How Life Jackets Work


A life jacket can hold both an anchor and a person afloat
A life jacket can hold both an anchor and a person afloat

If you were to fall off a boat, it's unlikely that your first thoughts would involve the ancient Greek philosopher Archimedes. However, Archimedes' principle helps to explain what is happening to your submerged body. As an object is submerged in water, it moves, or displaces, water according to how much it weighs. Archimedes found that the water will push upward against the object with a force equal to the weight of water that is displaced.

How much water is displaced is determined by the density of the object. Density is the measure of how much mass is in an object, related to its volume. A bowling ball and a beach ball may have the same volume, but the bowling ball weighs much more, and is much denser, than the beach ball. Meanwhile, a block of solid steel and a steel ship may both be heavy, but the steel ship has a greater volume of steel (in addition to weightless air). It displaces enough water to match its own mass, so it floats.


When that solid, heavy bowling ball is dropped in water, the water pushes up on it with a force equal to the weight of water it displaced. The ball weighs more than the amount of water it displaced and will sink. The beach ball, meanwhile, displaces very little water, and the air inside is much lighter than the weight of the water that was displaced. The buoyant force from below keeps the beach ball afloat. If you were to try to push the beach ball down into the water, the push back that you would feel is the buoyant force of the water at work. Objects that displace an amount of liquid equal to their weight will float because they receive that upward push from the water. You can read more about buoyant forces in How Hot Air Balloons Work.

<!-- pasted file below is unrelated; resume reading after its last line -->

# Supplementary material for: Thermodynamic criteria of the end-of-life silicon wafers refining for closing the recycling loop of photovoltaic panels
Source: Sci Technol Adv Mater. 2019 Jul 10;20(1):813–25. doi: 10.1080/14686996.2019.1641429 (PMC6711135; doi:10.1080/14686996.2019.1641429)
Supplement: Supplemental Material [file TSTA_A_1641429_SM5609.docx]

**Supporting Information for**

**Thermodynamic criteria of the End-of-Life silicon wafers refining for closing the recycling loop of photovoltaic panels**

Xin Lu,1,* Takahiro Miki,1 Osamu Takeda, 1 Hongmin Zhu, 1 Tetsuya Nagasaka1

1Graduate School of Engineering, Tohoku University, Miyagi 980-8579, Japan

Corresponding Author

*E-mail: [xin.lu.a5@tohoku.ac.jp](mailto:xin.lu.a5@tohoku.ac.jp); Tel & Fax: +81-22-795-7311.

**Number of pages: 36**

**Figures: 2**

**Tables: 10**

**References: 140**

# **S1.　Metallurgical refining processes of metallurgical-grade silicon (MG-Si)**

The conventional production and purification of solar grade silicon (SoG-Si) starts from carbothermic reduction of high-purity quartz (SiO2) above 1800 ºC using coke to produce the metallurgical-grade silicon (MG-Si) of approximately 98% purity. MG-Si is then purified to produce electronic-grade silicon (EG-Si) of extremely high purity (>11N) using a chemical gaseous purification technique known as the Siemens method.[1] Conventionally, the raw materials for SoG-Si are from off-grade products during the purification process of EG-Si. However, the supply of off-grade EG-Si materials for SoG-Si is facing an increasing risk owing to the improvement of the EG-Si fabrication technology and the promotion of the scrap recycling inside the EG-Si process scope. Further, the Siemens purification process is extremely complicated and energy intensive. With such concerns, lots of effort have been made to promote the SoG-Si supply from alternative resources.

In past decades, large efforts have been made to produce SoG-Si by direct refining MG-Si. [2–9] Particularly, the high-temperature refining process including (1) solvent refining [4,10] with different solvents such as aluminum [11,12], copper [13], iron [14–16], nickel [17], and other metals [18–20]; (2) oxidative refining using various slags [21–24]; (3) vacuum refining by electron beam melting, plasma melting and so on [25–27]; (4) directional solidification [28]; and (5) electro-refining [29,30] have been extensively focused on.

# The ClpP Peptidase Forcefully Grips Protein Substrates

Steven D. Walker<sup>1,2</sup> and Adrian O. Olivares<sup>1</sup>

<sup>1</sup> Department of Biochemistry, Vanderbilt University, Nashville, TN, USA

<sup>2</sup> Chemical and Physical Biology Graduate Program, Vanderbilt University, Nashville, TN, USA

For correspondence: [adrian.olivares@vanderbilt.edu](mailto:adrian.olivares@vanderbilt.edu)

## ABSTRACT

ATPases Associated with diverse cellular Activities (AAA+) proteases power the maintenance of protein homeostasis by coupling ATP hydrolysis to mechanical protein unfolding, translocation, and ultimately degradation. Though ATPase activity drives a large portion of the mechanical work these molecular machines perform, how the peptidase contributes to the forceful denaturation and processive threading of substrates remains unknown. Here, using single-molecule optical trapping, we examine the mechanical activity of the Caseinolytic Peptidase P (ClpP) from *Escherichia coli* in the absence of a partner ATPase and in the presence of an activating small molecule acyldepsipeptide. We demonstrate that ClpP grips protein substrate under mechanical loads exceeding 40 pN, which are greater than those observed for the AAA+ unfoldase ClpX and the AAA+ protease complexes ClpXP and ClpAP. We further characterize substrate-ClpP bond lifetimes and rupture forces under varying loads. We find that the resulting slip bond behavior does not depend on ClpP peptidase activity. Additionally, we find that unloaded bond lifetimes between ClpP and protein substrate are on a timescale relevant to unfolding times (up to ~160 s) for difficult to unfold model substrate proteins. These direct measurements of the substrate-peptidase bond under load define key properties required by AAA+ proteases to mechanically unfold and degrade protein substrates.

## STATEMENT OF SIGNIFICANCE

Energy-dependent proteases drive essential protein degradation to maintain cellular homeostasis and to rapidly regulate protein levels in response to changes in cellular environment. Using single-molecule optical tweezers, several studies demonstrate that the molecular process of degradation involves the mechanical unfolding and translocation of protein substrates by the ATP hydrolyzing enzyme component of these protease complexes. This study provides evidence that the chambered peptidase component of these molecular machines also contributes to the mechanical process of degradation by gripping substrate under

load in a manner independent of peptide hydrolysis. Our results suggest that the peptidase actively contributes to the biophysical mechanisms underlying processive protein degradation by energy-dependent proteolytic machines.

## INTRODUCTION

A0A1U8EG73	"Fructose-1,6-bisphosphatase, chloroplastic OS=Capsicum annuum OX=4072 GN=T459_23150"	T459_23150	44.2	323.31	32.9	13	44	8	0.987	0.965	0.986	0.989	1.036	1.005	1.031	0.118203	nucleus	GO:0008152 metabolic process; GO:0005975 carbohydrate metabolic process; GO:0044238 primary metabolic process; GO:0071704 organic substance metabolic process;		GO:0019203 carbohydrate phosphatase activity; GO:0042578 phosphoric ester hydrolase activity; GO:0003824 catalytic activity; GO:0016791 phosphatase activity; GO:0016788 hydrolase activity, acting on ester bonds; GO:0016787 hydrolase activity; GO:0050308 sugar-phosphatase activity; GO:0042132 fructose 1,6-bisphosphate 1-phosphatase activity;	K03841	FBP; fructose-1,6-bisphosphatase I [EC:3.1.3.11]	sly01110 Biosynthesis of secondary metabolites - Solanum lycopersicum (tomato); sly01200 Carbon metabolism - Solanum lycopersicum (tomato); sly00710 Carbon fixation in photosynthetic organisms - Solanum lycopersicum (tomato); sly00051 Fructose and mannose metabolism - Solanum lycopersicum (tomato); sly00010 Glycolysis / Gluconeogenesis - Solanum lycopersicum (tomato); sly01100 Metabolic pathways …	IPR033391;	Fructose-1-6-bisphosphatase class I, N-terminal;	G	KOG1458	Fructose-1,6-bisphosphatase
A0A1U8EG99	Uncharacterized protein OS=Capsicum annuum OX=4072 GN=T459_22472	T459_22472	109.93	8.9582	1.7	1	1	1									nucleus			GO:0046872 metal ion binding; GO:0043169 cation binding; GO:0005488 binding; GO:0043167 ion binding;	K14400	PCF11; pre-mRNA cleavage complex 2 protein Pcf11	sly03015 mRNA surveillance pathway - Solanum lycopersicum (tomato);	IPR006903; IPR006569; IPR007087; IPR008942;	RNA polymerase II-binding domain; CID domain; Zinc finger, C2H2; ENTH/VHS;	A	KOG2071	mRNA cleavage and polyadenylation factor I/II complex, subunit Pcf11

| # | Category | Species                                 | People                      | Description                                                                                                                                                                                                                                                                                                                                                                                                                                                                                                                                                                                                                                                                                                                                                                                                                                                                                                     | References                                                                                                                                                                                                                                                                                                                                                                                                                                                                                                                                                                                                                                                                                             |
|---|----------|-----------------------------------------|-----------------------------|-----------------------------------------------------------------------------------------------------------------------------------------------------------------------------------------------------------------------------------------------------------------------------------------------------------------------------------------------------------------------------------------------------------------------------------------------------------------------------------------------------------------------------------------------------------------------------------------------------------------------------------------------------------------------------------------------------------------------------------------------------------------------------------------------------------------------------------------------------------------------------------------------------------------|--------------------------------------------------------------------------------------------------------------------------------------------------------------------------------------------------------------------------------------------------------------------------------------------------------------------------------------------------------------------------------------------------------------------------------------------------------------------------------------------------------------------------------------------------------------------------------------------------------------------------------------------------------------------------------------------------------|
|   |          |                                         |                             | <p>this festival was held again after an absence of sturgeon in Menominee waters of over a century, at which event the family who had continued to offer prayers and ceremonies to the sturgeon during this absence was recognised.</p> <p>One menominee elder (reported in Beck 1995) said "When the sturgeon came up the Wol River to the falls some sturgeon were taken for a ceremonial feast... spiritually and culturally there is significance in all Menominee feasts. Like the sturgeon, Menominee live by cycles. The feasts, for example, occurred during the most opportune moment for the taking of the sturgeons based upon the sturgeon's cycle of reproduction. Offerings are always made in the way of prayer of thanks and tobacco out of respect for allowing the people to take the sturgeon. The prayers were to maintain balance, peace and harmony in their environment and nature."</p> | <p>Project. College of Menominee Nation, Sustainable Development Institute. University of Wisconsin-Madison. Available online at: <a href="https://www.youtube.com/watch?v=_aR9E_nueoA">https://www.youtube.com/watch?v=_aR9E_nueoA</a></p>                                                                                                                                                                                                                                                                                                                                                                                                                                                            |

Buoyancy is the upward force we need from the water to stay afloat, and it's measured by weight. Buoyant forces are why we feel so much lighter when we're in a swimming pool or bathtub. Our bodies are mostly water, so a person's density is fairly close to that of water. Because of this, an average person needs only about seven to 12 pounds of additional buoyancy to float [source: Personal Flotation Device Manufacturers Association]. A life jacket provides this extra lift.

The material inside of a life jacket, which we'll investigate in the next section, traps air when the jacket is submerged. The trapped air weighs much less than the weight of the water it displaces, so the water pushes up harder than the life jacket pushes down, allowing the life jacket to remain buoyant and float. This buoyancy is strong enough to hold up additional weight without sinking.

Life jackets are measured according to how much additional weight they can support. Jackets for adults provide, at a minimum, buoyancies ranging from 15.5 pounds to 22 pounds (7 kilograms to 10 kilograms)­ [source: U.S. Coast Guard]. Since the average person in water needs about seven to 12 additional pounds of buoyancy to float, a life jacket does not have to support the entire physical weight of a human body. Instead, it supports those seven to 12 pounds, with a few pounds to spare. You could attach an item that weighs less than the minimum buoyancy provided by that life jacket, and the jacket would hold that item without sinking.

But what exactly in a life jacket is trapping the air? We'll take a look at how life jackets are made on the next page.